When it comes to easing climate change, a lot of the onus is placed on millennials. Considering environmental issues garnered mainstream attention as they were growing up, and their future is less certain than that of generations past, it makes sense that 20- and 30-somethings are tasked with such a big responsibility. But are they up for the challenge?
A new study asked thousands of millennials how they're taking action on environmental issues, and their answers were a mixed bag. While millennials are reportedly less inclined to take small personal actions like recycle, ditch plastic water bottles, and adjust the thermostat to save energy, they are significantly more likely to support companies that they perceive to have strong environmental values. The Shelton Group, the eco-minded market research firm behind the study, has an interesting theory as to why this is.
"Millennials are worried about the future, and they're looking outward from their own abilities to effect change to see who else can help them make it happen better and faster," Lee Ann Head, director of proprietary research for Shelton Group, told mbg.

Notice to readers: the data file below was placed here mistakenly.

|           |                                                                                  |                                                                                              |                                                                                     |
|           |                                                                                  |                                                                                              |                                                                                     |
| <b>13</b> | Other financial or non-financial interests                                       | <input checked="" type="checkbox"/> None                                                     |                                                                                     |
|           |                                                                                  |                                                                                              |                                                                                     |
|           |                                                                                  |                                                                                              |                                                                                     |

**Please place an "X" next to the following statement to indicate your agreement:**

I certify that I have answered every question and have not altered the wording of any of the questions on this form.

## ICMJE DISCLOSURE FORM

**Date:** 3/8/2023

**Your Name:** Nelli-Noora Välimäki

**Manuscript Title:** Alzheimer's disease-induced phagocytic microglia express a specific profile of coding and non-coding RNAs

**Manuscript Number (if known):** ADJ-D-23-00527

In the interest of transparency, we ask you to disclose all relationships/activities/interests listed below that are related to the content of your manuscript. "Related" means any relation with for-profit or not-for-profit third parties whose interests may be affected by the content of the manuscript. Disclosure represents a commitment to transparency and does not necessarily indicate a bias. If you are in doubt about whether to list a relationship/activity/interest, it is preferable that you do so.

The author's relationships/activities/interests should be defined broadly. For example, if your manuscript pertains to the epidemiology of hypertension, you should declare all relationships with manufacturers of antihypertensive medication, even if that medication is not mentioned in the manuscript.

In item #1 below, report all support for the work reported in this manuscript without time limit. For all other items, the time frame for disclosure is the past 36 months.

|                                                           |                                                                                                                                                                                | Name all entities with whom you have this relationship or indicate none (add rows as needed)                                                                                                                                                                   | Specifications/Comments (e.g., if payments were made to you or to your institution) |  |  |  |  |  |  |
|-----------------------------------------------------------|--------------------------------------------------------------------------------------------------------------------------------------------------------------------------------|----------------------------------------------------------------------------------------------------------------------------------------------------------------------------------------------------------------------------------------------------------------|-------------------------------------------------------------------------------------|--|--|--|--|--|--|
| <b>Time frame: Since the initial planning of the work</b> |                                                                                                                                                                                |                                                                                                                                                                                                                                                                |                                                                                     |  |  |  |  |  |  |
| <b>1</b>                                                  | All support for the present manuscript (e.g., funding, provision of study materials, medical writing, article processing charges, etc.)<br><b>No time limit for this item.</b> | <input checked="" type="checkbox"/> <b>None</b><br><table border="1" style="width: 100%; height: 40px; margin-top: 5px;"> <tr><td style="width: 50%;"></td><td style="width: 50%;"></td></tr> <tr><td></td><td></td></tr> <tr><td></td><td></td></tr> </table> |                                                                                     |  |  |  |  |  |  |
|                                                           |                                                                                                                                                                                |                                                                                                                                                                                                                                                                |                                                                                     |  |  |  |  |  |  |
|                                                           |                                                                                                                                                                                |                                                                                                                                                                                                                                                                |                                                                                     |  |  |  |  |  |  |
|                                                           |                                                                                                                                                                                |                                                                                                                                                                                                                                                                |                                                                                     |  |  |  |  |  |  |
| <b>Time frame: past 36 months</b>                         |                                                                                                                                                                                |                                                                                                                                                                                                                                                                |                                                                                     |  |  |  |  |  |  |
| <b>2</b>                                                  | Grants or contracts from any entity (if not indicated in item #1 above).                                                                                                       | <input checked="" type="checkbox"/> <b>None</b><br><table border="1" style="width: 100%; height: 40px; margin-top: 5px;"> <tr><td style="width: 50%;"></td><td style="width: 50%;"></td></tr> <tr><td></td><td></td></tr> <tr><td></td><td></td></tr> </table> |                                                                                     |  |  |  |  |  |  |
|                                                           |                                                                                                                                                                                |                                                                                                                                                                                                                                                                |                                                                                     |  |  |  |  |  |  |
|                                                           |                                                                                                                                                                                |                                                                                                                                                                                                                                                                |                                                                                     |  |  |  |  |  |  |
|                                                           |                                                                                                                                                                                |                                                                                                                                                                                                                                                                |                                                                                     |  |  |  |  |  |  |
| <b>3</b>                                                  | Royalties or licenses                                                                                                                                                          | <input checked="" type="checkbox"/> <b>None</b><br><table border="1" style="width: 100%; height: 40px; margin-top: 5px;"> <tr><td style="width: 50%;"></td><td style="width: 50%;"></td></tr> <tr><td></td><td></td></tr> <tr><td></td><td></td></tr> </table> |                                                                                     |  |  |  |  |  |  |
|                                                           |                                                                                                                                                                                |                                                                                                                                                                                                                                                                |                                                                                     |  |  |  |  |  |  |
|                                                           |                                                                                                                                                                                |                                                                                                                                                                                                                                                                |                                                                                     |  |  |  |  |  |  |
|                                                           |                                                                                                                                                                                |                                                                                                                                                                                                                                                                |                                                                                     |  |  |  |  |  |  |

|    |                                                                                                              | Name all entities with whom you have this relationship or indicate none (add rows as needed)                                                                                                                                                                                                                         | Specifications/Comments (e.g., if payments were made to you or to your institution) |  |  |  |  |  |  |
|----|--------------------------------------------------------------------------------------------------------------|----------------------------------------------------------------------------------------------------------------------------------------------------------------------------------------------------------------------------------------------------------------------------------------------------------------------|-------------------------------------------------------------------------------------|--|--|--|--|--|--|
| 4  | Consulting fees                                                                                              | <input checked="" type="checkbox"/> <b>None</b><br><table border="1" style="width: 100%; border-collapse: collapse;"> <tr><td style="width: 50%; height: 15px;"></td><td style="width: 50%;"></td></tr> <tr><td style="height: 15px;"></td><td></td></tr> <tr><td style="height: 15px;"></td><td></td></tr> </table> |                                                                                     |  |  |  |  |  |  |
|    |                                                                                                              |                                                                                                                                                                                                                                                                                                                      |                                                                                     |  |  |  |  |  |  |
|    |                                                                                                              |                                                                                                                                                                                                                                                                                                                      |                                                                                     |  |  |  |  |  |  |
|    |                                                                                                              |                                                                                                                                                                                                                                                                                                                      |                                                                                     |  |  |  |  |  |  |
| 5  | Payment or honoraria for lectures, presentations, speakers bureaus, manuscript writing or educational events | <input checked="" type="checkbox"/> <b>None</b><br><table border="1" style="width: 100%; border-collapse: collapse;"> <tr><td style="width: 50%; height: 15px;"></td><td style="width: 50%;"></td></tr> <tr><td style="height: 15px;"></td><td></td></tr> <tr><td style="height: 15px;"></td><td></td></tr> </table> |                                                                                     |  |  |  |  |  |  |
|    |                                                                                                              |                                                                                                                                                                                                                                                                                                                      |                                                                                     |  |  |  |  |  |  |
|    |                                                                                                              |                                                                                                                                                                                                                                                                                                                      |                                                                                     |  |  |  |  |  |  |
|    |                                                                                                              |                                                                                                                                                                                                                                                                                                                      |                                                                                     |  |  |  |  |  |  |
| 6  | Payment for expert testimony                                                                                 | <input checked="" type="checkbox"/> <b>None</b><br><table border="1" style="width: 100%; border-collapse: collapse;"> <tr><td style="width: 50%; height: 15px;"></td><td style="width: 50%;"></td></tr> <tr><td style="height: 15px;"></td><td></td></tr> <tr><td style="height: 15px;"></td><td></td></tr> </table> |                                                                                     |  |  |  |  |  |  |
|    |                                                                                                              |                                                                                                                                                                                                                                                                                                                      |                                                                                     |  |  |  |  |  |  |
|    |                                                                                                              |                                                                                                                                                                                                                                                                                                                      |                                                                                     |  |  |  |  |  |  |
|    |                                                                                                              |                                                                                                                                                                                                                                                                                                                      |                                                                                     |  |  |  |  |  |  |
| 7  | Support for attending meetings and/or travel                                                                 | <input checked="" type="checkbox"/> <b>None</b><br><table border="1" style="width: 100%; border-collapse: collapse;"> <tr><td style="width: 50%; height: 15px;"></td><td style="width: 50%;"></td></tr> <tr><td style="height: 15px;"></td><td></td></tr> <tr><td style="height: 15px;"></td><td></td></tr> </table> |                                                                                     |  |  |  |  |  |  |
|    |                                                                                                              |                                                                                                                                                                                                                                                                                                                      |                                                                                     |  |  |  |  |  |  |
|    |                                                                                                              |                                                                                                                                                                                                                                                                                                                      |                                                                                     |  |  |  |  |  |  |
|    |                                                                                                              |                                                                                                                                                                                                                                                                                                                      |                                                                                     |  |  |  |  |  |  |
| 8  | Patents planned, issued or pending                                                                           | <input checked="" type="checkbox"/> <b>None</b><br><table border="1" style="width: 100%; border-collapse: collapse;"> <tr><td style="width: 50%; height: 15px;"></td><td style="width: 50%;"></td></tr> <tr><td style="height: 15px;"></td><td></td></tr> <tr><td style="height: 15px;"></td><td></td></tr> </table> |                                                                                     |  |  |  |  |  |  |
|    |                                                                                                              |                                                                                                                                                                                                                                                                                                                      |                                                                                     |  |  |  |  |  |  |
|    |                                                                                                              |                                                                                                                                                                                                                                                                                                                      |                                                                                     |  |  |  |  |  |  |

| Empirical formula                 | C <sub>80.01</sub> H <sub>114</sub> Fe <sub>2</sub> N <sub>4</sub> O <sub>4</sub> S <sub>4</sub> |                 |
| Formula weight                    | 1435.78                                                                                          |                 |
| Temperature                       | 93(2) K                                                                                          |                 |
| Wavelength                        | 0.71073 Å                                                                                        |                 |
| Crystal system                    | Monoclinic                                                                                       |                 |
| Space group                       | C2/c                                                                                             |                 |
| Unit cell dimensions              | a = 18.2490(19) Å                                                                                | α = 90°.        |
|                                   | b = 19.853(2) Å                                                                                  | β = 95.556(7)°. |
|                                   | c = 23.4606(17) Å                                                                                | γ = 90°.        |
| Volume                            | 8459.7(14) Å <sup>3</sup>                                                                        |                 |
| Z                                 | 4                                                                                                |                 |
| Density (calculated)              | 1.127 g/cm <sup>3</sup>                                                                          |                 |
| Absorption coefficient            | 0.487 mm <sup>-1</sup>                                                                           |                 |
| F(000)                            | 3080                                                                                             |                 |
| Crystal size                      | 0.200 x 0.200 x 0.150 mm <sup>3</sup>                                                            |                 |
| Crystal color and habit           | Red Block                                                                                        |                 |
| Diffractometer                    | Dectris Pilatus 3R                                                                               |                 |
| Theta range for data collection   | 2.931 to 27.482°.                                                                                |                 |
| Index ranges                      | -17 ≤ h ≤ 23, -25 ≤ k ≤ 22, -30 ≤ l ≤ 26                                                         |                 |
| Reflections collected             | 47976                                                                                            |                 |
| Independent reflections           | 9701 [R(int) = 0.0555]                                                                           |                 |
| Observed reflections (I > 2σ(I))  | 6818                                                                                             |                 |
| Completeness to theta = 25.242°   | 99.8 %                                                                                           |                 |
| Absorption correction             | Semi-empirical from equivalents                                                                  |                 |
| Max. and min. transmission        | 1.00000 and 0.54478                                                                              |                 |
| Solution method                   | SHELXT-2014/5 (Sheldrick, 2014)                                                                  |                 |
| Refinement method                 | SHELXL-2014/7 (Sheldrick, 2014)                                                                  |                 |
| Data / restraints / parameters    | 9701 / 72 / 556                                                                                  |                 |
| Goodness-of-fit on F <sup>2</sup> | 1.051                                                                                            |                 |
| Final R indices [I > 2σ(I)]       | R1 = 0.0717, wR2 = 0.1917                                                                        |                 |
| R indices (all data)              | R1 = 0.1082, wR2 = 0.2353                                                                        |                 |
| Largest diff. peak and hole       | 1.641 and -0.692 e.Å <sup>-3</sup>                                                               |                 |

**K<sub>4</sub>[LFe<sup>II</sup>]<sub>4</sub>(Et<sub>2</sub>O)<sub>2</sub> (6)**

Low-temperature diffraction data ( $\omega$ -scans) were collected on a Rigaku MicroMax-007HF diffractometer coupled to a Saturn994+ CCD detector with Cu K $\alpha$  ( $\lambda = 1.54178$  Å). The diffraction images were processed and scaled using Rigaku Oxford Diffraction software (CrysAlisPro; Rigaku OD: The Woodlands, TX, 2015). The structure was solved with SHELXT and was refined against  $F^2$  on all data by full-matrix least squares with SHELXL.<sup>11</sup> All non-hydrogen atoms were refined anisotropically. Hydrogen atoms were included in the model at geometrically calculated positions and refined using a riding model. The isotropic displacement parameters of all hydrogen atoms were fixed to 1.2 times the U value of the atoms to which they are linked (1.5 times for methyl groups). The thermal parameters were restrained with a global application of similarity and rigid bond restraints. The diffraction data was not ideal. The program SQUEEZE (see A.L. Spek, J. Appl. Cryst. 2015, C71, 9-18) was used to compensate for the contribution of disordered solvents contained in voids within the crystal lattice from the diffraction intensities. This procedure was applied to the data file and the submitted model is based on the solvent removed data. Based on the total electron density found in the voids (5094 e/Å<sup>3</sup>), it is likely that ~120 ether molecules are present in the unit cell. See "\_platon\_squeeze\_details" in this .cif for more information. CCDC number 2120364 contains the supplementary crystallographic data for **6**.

Millennials are fervent believers that climate change is an issue that needs to be dealt with, and 82 percent of them are concerned about how it will influence their children's quality of life. But for many, this concern seems to have morphed into a slight helplessness. Nowadays, millennials are doubting their ability to make a dent in such a huge issue and are instead choosing to support companies that have a larger perceived impact.
Therefore, they seek out companies that value environmental stewardship and employee treatment practices, even going so far as to prioritize these values above their product's efficiency. According to data, young people are skeptical of many large corporations, but once they find one they trust, they put a lot of faith into it. Some of their top picks for eco-minded companies include Patagonia, Whole Foods, Tesla, and The Honest Company. The Shelton Group plans to share these findings with other Fortune 500 companies in the hopes of encouraging them to develop more outward-facing environmental initiatives that will benefit both their business and the planet.
"Consumers have a loud voice with corporations, and corporations have the opportunity to win consumers’ loyalty by aligning with their values," Head explains. When asked if these corporate initiatives have the capacity to overcome a lack of engagement on a personal level, she was more hesitant. "We believe you have to do both." When conscious consumption meets sustainable action, results are sure to follow.